In contrast, Mixtec families poured into farmwork. By the 1970s Alma, her parents, and three-quarters of Retorno were making a yearly trek to the tomato fields in Sinaloa. Winters they worked; summers they came back to the village. From Sinaloa, labor contractors drew them farther north, funneling them into the hostile, rural area of North County San Diego. In Mexico, women and children had worked alongside the men. Yet when men from Retorno went on to the United States, women sought reprieve from the trials of industrial farms. Many returned to Oaxaca, refusing to go on.


These histories stand in for a broader trend, in which Zapotec migrants tended to move to Los Angeles, while Mixtecs went to farmwork. Though other scholars have traced these differences, few offer a clear explanation. If both groups were poor and isolated, and both left at the same times and volumes, how did they come to take such different paths? In general, researchers know that industrialization pushes emigrants out of rural towns. Typically, those with more money, skills, education, and networks have the best prospects as migrants. By contrast, the poor often have to move within their home countries to build cash and contacts before they can continue abroad. Theorists of social networks also show that family and hometown ties play critical roles in defining where individuals end up — and in which jobs. Migrants from rural areas, in particular, follow others from their hometowns. Indeed, it is common to find an entire restaurant or ranch in Southern California staffed entirely by migrants from a single Mexican village.

Many scholars also assume that Mexico-U.S. labor migration follows a relatively standardized process. First, men move into U.S. farmwork, then they bring their families, and eventually migrants branch into different places and jobs. Some researchers contend that even when two communities appear to have different migration patterns, they may just be at different stages of this process. Those with migrants living in cities may simply have had more time to branch out. As for different starting points, this model implies that variations are due to chance. For instance, some scholars argue that an early migrant "in the right place at the right time" might help his whole village find contacts in New York City, while those of a neighboring pueblo remained consigned to farmwork. In this rendering, landing in Los Angeles or North County San Diego appears almost accidental.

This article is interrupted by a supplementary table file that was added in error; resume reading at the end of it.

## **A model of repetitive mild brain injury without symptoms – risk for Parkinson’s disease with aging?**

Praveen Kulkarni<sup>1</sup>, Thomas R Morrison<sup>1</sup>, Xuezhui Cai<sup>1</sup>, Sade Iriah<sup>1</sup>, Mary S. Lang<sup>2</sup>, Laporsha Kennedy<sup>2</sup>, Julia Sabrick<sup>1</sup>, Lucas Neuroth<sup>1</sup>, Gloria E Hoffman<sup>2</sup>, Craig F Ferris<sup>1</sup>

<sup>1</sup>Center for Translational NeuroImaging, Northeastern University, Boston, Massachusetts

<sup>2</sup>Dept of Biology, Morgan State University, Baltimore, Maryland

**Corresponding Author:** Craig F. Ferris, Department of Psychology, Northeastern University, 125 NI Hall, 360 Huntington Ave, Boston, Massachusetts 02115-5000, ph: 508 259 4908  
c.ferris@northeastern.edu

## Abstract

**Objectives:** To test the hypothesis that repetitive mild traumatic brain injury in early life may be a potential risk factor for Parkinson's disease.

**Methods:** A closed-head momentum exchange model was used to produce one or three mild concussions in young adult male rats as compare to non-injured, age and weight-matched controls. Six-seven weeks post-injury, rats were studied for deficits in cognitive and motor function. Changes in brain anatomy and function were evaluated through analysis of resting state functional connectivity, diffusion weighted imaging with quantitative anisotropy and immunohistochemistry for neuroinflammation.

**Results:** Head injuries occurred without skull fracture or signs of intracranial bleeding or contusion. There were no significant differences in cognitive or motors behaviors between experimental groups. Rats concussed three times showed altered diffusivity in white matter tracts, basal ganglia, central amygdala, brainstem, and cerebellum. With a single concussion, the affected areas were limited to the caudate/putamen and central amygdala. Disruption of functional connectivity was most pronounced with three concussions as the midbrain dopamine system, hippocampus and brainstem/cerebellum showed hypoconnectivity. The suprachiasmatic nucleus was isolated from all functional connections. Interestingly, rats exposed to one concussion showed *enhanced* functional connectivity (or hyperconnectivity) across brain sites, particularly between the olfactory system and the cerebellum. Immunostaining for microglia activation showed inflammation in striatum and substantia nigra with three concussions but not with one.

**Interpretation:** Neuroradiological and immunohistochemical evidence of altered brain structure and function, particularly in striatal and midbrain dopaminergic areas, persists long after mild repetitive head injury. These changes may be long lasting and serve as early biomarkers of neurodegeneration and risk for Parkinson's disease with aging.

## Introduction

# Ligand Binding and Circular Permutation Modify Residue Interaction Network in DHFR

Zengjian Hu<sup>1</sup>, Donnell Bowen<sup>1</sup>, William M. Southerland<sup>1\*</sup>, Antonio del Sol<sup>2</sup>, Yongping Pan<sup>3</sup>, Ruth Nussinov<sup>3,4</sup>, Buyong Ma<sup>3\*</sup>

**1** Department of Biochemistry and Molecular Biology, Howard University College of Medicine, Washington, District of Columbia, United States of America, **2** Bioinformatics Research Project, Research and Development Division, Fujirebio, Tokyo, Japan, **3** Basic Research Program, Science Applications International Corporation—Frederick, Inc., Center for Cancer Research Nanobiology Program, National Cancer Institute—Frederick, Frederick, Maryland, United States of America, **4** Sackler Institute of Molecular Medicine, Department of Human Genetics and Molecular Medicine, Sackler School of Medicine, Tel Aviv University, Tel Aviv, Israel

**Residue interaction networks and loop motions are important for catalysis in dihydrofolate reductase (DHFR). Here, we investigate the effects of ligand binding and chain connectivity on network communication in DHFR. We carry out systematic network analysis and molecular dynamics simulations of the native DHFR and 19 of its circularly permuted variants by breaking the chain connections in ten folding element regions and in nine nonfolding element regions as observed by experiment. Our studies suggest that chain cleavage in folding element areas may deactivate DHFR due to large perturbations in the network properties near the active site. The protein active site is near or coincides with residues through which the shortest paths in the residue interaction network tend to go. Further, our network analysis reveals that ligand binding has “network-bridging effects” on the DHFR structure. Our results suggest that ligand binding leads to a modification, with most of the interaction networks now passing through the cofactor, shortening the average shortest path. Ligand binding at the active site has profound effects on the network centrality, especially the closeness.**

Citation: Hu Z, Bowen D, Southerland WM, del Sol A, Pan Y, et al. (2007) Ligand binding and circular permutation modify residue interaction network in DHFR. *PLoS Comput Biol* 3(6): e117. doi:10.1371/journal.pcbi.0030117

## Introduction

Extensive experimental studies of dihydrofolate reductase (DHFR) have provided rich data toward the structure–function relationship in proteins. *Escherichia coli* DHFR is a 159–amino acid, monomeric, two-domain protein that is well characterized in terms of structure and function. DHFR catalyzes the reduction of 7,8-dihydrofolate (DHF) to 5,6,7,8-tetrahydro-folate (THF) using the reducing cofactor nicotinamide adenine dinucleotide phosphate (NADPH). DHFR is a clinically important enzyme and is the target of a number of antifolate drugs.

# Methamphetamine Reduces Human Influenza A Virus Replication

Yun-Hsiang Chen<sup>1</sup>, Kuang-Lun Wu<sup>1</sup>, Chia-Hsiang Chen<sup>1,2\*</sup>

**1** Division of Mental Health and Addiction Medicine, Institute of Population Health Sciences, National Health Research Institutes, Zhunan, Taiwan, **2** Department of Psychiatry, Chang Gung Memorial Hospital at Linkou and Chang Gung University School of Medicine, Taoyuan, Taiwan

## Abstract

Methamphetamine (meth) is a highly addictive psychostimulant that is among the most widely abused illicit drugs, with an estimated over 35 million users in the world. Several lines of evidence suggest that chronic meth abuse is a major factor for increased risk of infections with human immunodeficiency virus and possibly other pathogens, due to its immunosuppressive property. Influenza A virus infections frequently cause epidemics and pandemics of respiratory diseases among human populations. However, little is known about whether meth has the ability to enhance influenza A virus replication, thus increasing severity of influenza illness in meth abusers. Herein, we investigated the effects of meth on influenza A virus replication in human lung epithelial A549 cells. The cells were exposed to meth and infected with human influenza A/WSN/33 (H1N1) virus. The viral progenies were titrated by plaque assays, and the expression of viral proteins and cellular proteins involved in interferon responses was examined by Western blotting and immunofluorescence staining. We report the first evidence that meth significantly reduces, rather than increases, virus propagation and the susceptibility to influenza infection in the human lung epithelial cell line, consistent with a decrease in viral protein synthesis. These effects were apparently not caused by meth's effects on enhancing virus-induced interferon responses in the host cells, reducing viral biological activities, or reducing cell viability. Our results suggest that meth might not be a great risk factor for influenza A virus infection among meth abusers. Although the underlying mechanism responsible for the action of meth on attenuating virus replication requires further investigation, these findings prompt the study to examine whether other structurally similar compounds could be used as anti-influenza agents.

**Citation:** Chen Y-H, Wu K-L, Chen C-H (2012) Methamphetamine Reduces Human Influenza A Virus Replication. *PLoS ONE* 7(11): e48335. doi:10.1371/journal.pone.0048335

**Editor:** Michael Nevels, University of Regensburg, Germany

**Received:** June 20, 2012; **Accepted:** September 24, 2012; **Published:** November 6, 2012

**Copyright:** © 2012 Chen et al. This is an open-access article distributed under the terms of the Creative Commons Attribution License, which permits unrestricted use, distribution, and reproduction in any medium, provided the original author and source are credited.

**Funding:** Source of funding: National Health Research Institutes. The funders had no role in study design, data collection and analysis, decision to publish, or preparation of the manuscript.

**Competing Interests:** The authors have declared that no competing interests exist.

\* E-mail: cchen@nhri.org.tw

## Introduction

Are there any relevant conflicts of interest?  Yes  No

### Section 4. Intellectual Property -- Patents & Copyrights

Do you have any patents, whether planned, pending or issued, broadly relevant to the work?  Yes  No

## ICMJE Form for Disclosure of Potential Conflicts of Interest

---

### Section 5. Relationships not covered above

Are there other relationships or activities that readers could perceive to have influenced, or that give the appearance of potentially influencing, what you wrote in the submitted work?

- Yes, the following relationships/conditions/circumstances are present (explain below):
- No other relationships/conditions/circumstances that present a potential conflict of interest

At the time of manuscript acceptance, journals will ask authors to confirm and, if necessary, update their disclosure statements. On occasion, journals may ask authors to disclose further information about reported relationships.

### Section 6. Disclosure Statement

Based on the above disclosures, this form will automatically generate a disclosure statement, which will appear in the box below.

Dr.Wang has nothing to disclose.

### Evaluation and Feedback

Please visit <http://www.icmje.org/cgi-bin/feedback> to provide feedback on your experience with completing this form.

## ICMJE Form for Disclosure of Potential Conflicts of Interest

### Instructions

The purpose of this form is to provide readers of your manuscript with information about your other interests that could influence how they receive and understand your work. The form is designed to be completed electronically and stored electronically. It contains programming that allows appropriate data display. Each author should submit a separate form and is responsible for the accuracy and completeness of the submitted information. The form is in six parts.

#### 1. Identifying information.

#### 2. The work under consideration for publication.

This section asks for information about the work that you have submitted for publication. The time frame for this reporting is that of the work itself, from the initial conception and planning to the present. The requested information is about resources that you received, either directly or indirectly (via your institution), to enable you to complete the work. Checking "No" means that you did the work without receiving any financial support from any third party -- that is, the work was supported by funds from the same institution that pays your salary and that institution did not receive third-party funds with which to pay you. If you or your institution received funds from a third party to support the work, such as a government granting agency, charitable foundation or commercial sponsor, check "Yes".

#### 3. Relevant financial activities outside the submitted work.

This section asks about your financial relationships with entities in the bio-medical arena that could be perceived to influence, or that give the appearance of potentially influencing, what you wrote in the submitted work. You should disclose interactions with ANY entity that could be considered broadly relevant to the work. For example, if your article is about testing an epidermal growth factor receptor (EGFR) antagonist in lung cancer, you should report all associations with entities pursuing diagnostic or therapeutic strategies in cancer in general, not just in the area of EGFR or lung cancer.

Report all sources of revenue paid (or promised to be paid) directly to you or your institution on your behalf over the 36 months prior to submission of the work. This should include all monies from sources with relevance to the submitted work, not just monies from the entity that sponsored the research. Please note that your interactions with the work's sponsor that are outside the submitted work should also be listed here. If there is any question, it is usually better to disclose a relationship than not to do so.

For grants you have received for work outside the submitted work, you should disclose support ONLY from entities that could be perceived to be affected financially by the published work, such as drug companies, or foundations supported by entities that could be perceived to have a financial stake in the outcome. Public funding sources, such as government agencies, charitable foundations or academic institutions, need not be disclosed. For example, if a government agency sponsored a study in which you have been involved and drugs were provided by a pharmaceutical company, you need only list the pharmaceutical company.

This chapter shows that, in fact, hometown power dynamics shape the choices available to a village's early migrants — and thus to its networks as a whole. In the twentieth century, Partida and Retorno faced similar poverty and isolation. Technically, both villages governed themselves under Usos y Costumbres and held communal titles to their land. Yet they practiced autonomous governance in starkly different ways. Partida followed a traditional model of indigenous participation, running itself as a commune (albeit a patriarchal one). It redistributed land, insulating families from debt. As a result, when farm recruiters came to the village, its residents had just enough resources to refuse their overtures. Men in Partida also rotated into local leadership posts like village president or secretary. While serving in such positions, they gained access to Oaxaca City and learned of urban opportunities. Soon they began sending their children to the city for education and jobs. Thus, men in Partida were able to reject farm labor and build a pattern of independent, urban migration. Later these urban ties also helped women from Partida flee male control.